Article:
“I was having a coffee at this famous local café called Da Matteo that ended up helping us with the dial. I got chatting with a young guy that works there, and then met the CEO through him. He and his team helped us by asking, ‘What type of roast do you think would give us the most homogeneous visual effect at the end of it?’ So we actually had coffee specialist input on the manufacture of the dial.”
The finer the grind, the finer the dial
“One of the first things that we figured out with the people at Da Matteo is that it had to be a very fine grind. Anytime you’re trying to mix resin in with such a dense particulate matter, you’re going to have tons of little air bubbles because every little piece is going to have spaces between them. So if the average espresso grinder has settings from one to 10 — one being the finest, 10 being the coarsest — Da Matteo actually modified one of their espresso grinders for us to make it like a talcum powder when it came out. As a coffee reference, that is actually the kind of grind you would do if you’re doing Turkish coffee.
“It’s a super, super fine grind. So when you see hi-res macro photos of the dial that’s 40 millimetres across, you’re going to see all the little bits, but when you look at it under the naked eye, it’s quite evenly brown. You don’t see nearly as much of that sort of particulate matter.”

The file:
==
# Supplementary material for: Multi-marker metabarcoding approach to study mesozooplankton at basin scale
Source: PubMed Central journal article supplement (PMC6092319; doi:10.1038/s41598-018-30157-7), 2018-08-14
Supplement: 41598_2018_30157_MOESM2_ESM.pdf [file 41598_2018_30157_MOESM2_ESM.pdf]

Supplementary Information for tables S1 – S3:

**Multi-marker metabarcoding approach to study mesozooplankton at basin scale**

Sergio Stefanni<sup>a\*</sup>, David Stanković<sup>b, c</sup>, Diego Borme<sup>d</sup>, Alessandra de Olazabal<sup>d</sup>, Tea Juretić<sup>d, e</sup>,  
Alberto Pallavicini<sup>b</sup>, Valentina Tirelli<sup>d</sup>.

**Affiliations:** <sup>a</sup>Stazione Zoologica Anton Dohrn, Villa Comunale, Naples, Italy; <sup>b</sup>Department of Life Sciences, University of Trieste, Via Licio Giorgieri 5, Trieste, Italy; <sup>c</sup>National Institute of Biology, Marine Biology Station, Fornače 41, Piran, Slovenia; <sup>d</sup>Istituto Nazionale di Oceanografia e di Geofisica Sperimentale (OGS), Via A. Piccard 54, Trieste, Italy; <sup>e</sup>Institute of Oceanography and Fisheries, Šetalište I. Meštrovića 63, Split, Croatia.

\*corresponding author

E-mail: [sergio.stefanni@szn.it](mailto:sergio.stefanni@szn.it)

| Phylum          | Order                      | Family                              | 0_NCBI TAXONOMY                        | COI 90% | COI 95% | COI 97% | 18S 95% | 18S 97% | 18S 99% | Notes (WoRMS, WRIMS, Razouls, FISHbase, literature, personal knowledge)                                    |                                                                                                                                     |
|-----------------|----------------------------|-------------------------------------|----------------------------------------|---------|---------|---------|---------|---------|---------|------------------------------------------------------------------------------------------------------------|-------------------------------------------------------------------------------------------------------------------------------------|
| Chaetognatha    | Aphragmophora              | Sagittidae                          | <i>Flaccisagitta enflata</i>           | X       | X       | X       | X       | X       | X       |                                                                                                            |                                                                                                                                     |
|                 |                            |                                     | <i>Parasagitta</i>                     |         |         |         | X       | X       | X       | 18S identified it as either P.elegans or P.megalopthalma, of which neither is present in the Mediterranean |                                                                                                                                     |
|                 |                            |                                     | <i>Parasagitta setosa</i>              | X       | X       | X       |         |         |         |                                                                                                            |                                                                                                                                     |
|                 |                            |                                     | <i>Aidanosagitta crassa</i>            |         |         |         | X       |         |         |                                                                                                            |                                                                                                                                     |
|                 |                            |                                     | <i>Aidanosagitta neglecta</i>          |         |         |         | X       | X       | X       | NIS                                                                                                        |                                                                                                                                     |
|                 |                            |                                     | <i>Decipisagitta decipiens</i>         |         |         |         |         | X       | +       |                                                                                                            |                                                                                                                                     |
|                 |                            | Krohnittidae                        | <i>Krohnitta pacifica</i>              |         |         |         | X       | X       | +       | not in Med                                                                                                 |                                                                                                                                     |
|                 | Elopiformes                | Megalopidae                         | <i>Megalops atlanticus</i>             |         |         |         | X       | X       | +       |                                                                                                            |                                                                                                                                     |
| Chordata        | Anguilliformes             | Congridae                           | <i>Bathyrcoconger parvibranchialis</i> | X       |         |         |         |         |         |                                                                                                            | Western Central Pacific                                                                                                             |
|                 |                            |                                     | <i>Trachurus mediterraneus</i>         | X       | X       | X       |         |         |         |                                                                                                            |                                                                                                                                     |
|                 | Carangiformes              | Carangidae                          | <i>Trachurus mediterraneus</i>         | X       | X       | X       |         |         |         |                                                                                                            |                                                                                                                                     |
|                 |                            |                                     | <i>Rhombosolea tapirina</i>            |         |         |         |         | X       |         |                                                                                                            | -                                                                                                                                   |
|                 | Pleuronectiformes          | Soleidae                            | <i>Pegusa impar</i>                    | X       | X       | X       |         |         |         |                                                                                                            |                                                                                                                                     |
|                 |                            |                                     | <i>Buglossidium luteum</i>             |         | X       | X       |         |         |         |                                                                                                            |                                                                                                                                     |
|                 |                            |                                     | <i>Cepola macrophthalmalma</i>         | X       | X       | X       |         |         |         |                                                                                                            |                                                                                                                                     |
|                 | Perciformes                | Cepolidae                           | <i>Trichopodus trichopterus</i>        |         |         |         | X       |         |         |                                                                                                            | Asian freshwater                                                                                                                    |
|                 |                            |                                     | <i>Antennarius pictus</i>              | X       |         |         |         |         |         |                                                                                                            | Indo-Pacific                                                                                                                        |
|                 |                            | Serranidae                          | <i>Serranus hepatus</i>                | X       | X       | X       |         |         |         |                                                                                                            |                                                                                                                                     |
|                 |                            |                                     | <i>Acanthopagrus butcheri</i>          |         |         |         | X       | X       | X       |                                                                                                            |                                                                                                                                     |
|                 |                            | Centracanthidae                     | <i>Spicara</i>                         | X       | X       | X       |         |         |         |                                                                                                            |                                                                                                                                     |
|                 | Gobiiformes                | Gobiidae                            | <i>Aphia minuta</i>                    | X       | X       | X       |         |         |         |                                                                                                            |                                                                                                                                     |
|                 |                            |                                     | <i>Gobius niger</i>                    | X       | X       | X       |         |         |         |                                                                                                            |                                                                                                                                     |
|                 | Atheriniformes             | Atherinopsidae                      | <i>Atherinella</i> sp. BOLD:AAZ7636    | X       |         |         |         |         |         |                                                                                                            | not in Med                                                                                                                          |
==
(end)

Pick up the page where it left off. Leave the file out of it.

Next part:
The problem with making a handmade TAG Heuer Carrera dial
“The only downside of the Carrera is that it’s a very thin dial. In the watches we made, you’re looking at about 0.2 millimetres of actual coffee material on the base plate. I handmade all the dials, finishing them with wet sandpaper in a jig, and if I leaned one calorie in the wrong direction, I’d actually go through the material.”
The bigger the dial, the better the result
“The dial layout we used is the same as our BWD X Badgerworks Fordite edition last year. It’s a TAG Heuer Carrera Calibre 5, and a lot of the reason why George and I settled on this watch is the big, flat open dial. We wanted to have the material take centre stage.
“With the hands, we’ve actually replaced the lume with a very clean chromatic white lume that will stand out super nicely against the dark brown of the material. In a slightly silly sense you get that nice white rim of the coffee cup against the espresso within it, and it’s a very familiar colour combination. You know, it’s like yellow and red together always makes people think of ketchup and mustard on a hamburger, so it was a very approachable colour combination.”
Why some materials give you goosebumps
“With the fordite watch, when you tell someone who is interested in cars that the dial is actually a chunk of dried-up industrial paint from the Ford plants in Michigan between 1970 and 1990, they’ll get goosebumps. The context of the material has elevated the material. Similarly, if somebody is super into coffee, they roast their own beans, and maybe they met their wife at a cafe. Then every time they have a cup of coffee, the smell makes him think of the first time he met his wife and that little emotional connection will make a coffee dial watch special. That isn’t our story to tell, but whatever little bits of love someone puts into something are completely theirs.”
I think as soon as you see a nice, sensible stainless steel bracelet diving watch coming out of Black Badger, that’s it. It’ll be time for me to go…